But those who lived at the time when Matthew’s gospel was put together had experienced this new ruler. They, too, were living in a time when there was a lot of violence. They were under the rule of the Roman Empire. At the time the gospel was finally put together, written down, the church was under persecution and experiencing violence. But they had the example of Jesus who was the fulfillment of the prophecy of Zechariah; the one who had come and shown them how to reject violence, how to reject war, how to respond when violence is inflicted upon them.
When we hear what Jesus says in today’s gospel, “Come to me all of you who are heavily burdened and I will give you rest,” we might think at first that Jesus is saying, “Well, we’ll just run away from the world, escape. That will be the answer.” But it isn’t what he means. He says, “Take my burden upon you; my yoke.”
It’s important to understand that Jesus was speaking about a burden that was different from the burdens that had been imposed upon the people: “My burden, not the burden that you have experienced in the past.” And the people at the time when the gospel was written would fully understand this.
In fact, in Matthew’s gospel, Jesus points out the burden that he is rejecting. He is talking about the Pharisees and the doctors of the law: “They prepare heavy burdens that are very difficult to carry and lay them on the shoulders of the people. But they do not even raise a finger to move them. They do everything in order to be seen by people, but they forget what is most fundamental in the law: justice, mercy and faith. These you must practice without neglecting the others.”
At the time of Jesus, people were given this heavy burden to carry, that is, the written law that had been developed, not what God had revealed on Mt Sinai, but rather what had been developed down through the centuries -- hundreds of very tiny proscriptions of the law that became a heavy burden. As Jesus says, “The teachers of the law didn’t bother to carry themselves, but imposed on the people.”
Jesus was saying, “My burden is different.” What is the burden that Jesus asks us to take upon ourselves? It’s one law, the law of love. And it’s spelled out for us in the Sermon on the Mount where Jesus pleads with his followers. “Always be quick to forgive and to reconcile. Don’t let anger build up in your heart; no resentment, no vengeance, no violence. Love one another, not just those who love you. Love your enemy.” Jesus tells us, “This is my burden that I offer to you, but it is a burden that is light, a burden that can bring joy, and a burden that can really and truly bring peace, the only way that we will find peace in the world.”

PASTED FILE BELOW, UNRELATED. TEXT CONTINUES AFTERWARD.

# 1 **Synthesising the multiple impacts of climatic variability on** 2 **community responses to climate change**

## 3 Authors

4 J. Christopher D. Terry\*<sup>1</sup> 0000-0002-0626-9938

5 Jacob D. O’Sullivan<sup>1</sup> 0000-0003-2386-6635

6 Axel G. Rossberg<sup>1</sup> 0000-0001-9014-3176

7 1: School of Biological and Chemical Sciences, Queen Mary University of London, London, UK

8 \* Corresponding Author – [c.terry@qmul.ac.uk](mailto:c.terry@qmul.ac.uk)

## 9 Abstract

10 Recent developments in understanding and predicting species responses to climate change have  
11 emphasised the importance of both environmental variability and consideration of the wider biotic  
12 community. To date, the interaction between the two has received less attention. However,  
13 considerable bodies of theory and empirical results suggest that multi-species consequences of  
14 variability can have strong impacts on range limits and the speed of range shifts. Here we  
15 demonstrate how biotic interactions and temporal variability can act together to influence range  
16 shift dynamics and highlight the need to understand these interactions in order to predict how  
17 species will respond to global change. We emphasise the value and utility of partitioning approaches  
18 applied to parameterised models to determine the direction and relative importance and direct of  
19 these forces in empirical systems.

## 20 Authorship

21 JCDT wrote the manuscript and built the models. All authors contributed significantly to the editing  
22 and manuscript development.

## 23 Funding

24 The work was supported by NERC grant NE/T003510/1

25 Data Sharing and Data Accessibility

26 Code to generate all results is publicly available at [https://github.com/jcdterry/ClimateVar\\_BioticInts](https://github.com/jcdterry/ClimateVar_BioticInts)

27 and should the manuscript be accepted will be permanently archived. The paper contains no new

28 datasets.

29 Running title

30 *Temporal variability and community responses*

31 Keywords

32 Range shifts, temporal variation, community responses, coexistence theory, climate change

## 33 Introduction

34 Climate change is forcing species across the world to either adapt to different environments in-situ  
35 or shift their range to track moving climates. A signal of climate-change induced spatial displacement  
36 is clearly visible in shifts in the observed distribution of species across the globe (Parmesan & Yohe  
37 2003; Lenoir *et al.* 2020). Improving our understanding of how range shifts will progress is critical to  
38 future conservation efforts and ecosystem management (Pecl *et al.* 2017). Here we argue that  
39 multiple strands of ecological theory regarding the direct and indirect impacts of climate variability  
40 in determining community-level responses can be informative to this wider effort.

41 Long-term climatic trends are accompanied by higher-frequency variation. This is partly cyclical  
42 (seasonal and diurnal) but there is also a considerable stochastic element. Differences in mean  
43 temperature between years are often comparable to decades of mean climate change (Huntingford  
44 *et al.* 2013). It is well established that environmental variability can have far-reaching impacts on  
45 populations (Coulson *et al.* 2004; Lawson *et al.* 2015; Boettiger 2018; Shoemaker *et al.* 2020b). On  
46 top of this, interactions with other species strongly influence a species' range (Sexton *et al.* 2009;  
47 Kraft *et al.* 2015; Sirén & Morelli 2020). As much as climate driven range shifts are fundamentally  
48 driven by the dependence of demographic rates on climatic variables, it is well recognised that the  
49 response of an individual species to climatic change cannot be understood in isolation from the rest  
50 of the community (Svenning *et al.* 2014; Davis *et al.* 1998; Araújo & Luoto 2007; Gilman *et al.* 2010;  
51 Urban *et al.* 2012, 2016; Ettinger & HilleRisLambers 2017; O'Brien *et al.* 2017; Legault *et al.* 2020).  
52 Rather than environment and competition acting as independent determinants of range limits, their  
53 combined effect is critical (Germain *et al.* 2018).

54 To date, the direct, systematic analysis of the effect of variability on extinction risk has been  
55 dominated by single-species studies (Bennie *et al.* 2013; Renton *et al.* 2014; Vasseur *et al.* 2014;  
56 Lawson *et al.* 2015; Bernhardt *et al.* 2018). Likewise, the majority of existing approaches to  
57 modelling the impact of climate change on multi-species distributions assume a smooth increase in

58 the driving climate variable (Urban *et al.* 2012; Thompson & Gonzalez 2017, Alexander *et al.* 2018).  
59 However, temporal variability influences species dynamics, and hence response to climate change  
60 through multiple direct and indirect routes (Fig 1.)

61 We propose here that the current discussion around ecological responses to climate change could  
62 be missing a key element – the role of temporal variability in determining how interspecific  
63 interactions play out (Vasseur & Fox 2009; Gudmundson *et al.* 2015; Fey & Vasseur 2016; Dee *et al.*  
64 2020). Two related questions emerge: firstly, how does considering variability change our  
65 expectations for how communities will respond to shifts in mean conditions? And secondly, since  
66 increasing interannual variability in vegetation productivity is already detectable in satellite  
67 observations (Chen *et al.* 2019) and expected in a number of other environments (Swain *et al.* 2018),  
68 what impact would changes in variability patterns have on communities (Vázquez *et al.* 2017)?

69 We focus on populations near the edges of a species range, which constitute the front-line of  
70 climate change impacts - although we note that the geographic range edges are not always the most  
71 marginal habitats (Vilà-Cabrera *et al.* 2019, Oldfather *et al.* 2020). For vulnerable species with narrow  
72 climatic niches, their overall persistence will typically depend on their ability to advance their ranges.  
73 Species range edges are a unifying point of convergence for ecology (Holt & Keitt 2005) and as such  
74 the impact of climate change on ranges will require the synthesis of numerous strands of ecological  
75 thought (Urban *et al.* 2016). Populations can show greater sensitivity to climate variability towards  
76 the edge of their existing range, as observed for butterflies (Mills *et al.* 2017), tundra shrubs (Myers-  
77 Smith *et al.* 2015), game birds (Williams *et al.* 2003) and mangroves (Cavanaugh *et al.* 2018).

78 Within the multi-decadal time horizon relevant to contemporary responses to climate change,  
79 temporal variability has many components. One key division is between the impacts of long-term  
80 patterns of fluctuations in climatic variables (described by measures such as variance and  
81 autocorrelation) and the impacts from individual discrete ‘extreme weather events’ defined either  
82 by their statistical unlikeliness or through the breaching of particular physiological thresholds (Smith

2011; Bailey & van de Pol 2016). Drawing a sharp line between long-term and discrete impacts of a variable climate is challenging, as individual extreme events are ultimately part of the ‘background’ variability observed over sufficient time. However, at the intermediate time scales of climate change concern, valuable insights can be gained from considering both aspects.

Like the people in Zechariah’s time or the people of the time when the gospel was written, we too live in a period of terrible violence. But it’s different for us. We have the example of Jesus. We have the example of that early Christian community who understood what Jesus said and who were following it and transforming the Roman empire, causing people to want to follow Jesus because these Christians love one another and love even their enemies. They return evil for good.
“My burden is easy and light,” Jesus says. And it is the way to peace promised by Zechariah so long ago.
But somehow we still haven’t learned or haven’t accepted what Jesus said. We haven’t accepted his invitation. “Accept my burden. Take it upon you the way I show you to live.” Instead, we still follow the ways of war and violence.
And as I tried to point out in the bulletin today, we are waging a war of extreme violence that brings terrible suffering to the people of Afghanistan. I can’t help, as I reflect on today’s scriptures, thinking about my experience over there just two weeks ago. I tried to spell out some of it in today’s bulletin -- thousands of people have been killed by our bombs. This is a country that is primitive. They have barely entered into the modern era.
There’s a story of a woman that will give you an idea of how extraordinary the poverty is and how primitive the situation of the people is. There’s only one doctor for 50,000 people and these doctors are not spread evenly throughout the country. This woman needed medical care and she was in a refugee camp. The head of the Islamic Relief Services was telling us about this. He showed us on a map how far she had to travel from that camp to another place to get medical care. He said it would take him 14 hours in his four-wheel drive vehicle, but that the only transportation this woman had was to ride on a donkey. It would take her days and nights of travel to try to get medical care. That’s how poor this country is.